Here is a column I wrote for our award-winning “The Open Book” Arlington Advocate column recently that discusses the challenges we face with eBooks/eContent (including challenges with pricing, access, and dealing with growing demand). It was originally published in the Arlington Advocate and can be seen on their Wicked Local Arlington website here. Check it out below:
Recently, I received an e-mail from a patron concerned about the limited availability of ebooks in the Minuteman Library Network.
He did an investigation and discovered that the Boston Public Library has more library ebooks available than Minuteman, and he also discovered that several bestsellers weren’t available from either Minuteman or the BPL in the ebook format.
His observations are absolutely correct, the state of electronic books, and eContent in general, isn’t as good as it needs to be in the Minuteman Library Network. Unlike the collections at our individual libraries, all the Minuteman libraries go in together as a group to purchase our ebooks collection although there is an exception to this which I will mention momentarily.
Despite the tremendous increase in library ebook usage we have seen over the past three years, finding the funding to keep up with this growing demand is a major challenge. Unfortunately, ebooks for libraries are expensive. Douglas County Libraries in Colorado release a report each month that illustrates library pricing versus consumer pricing for ebooks. You can view the report by visiting http://bit.ly/19kSBPz.
Libraries often pay four times what consumers pay for ebooks, and in some cases, even more. Additionally, many publishers don’t even allow libraries to purchase ebooks in the first place. Thus, the two major reasons that there are not more library ebooks available for patrons are: 1) many publishers don’t allow their ebooks to be purchased by libraries, and 2) ebooks are very expensive for libraries.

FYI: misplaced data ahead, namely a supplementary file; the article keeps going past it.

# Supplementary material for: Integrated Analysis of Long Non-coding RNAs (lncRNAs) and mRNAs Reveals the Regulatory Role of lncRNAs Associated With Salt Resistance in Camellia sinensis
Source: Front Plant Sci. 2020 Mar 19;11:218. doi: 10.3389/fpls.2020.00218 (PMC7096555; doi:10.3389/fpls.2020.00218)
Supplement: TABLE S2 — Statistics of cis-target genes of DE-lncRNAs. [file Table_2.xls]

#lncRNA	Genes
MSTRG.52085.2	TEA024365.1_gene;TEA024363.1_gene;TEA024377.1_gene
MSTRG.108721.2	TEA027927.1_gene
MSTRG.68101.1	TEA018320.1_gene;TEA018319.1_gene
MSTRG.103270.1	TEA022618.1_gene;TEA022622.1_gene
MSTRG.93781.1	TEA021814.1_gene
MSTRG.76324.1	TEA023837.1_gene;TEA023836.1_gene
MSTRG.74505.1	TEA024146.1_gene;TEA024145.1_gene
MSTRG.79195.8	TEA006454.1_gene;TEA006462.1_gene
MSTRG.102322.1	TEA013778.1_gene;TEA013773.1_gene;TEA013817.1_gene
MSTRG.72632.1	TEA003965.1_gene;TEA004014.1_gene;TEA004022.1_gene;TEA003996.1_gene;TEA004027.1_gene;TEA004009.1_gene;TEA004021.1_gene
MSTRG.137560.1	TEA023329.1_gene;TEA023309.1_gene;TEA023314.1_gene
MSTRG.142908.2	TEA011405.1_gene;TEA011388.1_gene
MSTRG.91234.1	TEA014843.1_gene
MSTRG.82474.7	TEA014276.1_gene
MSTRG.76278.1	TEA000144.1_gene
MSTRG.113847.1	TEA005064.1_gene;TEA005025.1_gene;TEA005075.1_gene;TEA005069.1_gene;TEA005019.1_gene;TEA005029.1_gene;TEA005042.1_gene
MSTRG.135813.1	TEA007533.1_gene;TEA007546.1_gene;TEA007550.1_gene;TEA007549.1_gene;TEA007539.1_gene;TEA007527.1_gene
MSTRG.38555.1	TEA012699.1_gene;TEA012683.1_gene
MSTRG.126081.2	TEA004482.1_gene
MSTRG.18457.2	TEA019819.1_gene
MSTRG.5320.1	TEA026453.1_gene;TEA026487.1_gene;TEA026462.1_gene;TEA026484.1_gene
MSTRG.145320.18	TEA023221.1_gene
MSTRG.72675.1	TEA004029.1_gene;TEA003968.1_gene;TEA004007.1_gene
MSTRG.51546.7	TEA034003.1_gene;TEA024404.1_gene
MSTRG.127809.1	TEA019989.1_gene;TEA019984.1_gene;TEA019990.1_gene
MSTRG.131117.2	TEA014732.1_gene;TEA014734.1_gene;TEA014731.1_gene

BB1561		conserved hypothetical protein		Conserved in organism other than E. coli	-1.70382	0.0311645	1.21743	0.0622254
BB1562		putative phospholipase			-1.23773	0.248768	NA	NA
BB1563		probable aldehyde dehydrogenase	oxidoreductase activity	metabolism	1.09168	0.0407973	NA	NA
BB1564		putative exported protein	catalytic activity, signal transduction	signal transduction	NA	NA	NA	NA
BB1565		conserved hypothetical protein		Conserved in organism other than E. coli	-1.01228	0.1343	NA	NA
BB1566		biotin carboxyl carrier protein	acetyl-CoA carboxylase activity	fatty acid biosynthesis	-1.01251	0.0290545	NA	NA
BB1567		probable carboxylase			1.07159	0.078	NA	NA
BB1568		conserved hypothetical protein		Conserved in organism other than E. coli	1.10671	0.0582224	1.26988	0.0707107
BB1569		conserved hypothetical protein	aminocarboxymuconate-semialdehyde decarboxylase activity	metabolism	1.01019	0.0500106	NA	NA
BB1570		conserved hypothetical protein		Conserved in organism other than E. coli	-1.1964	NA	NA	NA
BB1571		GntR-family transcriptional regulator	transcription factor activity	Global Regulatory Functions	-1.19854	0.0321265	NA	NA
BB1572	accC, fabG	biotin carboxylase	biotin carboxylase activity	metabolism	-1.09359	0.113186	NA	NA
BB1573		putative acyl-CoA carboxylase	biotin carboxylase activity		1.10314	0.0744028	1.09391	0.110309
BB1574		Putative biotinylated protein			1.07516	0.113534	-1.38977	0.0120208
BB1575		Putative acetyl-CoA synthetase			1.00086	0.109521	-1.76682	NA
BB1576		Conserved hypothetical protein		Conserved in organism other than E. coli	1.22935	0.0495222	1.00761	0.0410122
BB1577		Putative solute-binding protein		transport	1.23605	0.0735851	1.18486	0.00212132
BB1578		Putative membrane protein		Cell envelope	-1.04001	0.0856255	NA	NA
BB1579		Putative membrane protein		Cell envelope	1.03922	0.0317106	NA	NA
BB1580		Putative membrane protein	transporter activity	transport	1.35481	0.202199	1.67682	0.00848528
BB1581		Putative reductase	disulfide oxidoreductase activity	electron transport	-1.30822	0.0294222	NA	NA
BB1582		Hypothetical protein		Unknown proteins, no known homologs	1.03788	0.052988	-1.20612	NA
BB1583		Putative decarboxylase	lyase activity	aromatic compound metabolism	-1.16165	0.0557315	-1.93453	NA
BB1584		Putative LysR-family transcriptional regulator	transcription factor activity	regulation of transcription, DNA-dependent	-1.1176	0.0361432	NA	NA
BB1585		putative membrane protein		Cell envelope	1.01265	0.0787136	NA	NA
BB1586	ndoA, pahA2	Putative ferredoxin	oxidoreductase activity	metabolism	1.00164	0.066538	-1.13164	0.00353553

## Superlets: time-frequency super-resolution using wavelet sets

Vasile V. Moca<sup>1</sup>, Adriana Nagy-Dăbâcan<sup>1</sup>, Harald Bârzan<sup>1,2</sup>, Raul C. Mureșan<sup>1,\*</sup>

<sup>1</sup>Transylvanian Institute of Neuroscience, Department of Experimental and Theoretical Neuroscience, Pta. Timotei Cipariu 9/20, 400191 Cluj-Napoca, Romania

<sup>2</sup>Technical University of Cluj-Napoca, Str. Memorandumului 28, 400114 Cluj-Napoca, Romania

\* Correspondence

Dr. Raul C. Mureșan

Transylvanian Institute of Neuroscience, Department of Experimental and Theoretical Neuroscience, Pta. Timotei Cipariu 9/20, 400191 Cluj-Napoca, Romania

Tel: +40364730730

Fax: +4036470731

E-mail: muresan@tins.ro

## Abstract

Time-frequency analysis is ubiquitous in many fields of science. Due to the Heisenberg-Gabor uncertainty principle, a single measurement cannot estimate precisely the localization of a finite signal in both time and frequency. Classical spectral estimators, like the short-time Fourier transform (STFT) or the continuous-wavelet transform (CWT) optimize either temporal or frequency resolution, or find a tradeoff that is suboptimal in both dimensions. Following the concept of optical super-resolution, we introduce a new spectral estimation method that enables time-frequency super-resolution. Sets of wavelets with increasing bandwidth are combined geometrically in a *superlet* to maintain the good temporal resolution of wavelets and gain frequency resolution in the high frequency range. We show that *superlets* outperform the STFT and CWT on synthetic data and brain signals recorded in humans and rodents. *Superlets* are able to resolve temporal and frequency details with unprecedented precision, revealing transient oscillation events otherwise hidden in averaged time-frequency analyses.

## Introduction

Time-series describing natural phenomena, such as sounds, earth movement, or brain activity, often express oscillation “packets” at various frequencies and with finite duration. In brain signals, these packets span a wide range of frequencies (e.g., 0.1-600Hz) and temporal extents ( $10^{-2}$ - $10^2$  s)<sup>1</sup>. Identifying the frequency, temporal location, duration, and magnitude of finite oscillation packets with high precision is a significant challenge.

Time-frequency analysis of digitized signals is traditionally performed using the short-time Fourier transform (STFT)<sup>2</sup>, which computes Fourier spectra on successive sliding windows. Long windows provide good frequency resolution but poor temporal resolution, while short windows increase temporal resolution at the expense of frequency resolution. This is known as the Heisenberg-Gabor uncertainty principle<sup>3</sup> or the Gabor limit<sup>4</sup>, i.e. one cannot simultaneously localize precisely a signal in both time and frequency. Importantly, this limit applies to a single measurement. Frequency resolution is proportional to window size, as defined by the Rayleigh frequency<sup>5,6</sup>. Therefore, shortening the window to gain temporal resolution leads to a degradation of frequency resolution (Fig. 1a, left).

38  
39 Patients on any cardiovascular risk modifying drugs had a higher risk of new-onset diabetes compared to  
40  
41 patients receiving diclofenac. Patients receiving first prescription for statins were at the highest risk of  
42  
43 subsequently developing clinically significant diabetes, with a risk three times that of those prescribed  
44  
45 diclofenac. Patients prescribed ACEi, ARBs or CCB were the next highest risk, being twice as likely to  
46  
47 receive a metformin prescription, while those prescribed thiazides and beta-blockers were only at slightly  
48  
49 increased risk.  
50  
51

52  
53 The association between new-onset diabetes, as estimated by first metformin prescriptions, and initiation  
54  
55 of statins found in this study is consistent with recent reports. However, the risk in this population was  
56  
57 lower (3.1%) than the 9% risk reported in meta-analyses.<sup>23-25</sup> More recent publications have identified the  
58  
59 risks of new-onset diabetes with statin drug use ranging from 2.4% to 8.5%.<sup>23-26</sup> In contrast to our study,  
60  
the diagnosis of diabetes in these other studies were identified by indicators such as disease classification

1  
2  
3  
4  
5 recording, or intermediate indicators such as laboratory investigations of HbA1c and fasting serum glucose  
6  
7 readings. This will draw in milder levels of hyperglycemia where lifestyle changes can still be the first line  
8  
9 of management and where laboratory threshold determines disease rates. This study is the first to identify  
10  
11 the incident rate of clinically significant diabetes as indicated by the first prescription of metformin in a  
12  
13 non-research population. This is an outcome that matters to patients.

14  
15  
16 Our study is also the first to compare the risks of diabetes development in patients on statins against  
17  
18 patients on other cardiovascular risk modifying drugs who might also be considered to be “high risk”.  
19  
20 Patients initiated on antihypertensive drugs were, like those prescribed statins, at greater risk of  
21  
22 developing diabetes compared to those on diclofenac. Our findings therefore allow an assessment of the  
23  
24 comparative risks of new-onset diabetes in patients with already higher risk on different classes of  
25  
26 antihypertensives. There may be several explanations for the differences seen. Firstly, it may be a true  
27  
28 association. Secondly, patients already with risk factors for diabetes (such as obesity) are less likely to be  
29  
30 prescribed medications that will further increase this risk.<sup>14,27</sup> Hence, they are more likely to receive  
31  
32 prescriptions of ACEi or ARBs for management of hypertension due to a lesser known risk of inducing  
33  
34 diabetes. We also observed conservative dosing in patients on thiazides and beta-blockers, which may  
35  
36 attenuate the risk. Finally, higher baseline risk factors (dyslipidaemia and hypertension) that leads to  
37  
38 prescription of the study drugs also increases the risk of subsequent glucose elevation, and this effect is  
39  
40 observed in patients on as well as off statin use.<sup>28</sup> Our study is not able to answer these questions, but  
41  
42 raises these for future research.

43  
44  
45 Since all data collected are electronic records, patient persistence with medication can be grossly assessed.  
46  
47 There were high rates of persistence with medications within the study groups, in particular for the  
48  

Fortunately, thanks to the efforts of the American Library Association and institutions such as the New York Public Library, the major publishers are starting to come around and are slowly starting to make their ebooks available to libraries. However, the existing model for library ebook purchasing, which perhaps I should be calling library ebooks licensing, because libraries can only license ebooks at this point, is broken and needs to be fixed.
Here are some of the things were are doing to address our challenges with ebooks:
1) The service that provides ebooks for Minuteman, the Boston Public Library, and most other libraries across the country is called OverDrive. Even though Arlington goes in with the other libraries in Minuteman and makes a group purchase of ebooks, OverDrive has provided an option for individual libraries to opt into called OverDrive Advantage, which is the exception I referred to above. The way OverDrive Advantage works is that individual libraries can purchase ebooks and downloadable audiobooks that only their residents can access. To see what OverDrive Advantage titles we have, you first need to log in to your library account at digital.minlib.net, and then you can see the titles we purchase that are available exclusively for Arlington residents.
2) The Massachusetts Library System is working on a statewide ebook platform project which will hopefully address some of the cost and availability issues libraries have with ebooks. You can learn more about this project by visiting http://bit.ly/14kUMQ0. The Robbins Library is serving as one of the 50 beta libraries for this project.
3) We are also a partner library of a grassroots nonprofit called Library Renewal you can learn about by visiting http://bit.ly/15ncgKx. Library Renewal wants to build a new platform to help libraries acquire eContent at sustainable prices.
4) We always like to remind our patrons that there is another library ebooks collection they can access to expand their options. Residents of Massachusetts can sign up for an eCard with the Boston Public Library. This eCard provides access to all of the Boston Public Library’s electronic resources, including ebooks. You can learn more about the BPL eCard by visiting http://bit.ly/180vQCC.
Libraries across the country are struggling with the challenge of satisfying the growing community demands for ebooks and eContent. We are actively addressing these challenges and I am optimistic that we will do a much better job of meeting the ebook needs of our community in the future.